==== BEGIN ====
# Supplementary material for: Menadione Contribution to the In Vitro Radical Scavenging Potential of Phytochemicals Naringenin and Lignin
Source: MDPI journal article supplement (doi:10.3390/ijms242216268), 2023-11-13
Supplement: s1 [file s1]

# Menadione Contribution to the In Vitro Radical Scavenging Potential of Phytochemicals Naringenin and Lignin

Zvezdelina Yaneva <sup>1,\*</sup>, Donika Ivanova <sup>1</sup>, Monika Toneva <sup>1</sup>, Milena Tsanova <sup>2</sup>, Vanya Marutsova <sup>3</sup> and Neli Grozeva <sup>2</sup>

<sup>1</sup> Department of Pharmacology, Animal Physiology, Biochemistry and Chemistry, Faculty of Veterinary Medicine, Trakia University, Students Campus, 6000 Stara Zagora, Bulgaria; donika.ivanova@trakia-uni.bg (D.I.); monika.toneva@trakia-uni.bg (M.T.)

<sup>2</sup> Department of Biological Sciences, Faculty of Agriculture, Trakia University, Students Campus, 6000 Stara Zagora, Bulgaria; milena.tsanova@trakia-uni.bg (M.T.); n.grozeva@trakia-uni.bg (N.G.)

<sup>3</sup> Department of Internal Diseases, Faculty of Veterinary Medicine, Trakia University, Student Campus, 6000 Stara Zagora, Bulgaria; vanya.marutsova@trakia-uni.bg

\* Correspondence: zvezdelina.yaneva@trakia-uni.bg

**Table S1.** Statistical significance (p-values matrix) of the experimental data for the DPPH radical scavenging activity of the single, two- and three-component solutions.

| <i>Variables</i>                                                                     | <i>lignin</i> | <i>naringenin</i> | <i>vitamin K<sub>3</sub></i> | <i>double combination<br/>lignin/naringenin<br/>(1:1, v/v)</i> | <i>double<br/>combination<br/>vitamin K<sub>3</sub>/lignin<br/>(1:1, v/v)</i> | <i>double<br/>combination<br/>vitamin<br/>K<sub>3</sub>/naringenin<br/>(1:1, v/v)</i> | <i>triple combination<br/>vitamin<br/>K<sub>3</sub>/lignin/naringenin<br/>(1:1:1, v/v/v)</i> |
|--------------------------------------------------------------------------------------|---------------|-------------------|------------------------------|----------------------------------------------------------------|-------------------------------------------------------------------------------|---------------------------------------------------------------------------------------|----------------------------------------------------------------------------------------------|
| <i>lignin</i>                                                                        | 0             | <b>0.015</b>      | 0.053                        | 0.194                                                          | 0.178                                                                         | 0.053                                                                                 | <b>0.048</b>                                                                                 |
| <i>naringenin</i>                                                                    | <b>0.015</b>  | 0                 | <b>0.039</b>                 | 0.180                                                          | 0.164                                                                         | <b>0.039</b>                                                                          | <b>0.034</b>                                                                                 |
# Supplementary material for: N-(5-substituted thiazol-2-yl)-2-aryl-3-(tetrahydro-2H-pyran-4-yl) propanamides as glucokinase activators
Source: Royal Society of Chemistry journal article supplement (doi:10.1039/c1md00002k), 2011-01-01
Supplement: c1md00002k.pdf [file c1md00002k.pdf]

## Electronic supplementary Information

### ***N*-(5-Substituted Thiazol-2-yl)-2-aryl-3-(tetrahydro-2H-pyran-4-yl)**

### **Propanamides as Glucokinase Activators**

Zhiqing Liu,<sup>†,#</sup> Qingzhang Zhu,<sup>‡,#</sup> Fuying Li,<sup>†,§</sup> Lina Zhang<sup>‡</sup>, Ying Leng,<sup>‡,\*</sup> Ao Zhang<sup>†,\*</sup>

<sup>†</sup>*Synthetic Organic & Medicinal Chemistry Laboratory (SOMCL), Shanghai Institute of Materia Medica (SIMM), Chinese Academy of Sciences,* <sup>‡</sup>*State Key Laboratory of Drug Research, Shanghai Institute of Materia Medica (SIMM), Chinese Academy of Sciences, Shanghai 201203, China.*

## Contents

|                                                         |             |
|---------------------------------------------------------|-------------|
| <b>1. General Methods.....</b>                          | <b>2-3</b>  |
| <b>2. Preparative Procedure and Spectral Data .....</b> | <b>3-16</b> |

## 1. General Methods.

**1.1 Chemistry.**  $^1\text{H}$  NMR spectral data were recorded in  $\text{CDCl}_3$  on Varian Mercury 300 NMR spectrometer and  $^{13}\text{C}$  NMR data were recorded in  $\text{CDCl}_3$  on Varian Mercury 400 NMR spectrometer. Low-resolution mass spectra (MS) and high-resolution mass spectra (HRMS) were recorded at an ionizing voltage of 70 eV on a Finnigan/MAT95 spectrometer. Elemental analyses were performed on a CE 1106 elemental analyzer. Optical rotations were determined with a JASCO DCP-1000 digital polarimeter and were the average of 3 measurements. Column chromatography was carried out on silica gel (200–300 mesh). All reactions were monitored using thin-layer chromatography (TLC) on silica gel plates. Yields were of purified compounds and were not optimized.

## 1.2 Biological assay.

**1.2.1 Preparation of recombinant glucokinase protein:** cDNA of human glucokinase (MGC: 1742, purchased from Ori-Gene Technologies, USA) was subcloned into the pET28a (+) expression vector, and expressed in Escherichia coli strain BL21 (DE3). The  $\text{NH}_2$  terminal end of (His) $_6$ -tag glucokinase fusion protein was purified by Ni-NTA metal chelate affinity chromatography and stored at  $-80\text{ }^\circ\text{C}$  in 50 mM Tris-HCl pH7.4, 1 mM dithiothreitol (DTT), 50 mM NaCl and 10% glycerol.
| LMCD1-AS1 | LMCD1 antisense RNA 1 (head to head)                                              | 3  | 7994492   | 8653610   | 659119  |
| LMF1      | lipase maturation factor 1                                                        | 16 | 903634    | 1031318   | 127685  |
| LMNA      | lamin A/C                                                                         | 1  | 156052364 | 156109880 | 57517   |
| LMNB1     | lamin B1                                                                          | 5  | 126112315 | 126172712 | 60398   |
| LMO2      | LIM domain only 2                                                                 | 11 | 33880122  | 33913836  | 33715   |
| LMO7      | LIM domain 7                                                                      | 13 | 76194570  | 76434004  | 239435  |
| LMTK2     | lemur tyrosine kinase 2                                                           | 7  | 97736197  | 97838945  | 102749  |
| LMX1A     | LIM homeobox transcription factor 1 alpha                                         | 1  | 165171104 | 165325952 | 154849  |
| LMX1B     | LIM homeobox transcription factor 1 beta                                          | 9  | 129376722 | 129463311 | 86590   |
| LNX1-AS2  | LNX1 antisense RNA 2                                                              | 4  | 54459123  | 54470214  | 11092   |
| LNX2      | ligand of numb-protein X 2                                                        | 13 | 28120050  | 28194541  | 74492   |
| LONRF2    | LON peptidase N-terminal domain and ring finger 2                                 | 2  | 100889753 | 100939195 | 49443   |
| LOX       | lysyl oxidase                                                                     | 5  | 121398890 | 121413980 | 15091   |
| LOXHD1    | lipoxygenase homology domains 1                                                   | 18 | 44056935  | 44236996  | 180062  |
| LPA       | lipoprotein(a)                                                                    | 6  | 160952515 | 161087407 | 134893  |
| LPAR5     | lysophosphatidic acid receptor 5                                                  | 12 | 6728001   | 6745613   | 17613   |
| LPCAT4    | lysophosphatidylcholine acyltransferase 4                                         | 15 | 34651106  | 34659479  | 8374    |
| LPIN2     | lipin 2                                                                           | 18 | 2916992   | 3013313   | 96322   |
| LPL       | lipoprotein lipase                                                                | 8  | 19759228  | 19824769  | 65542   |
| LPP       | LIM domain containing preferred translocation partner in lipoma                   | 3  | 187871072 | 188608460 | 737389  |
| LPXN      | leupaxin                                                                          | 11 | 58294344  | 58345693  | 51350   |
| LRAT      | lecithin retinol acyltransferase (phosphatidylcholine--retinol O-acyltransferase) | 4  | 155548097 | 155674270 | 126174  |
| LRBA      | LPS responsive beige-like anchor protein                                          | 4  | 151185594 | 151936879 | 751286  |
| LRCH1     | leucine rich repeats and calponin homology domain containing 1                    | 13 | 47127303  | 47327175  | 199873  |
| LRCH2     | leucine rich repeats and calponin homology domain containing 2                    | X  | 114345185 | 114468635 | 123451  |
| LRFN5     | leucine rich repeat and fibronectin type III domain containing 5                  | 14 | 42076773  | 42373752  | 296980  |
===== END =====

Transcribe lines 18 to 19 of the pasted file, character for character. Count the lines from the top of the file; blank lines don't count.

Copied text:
## Electronic supplementary Information

### ***N*-(5-Substituted Thiazol-2-yl)-2-aryl-3-(tetrahydro-2H-pyran-4-yl)**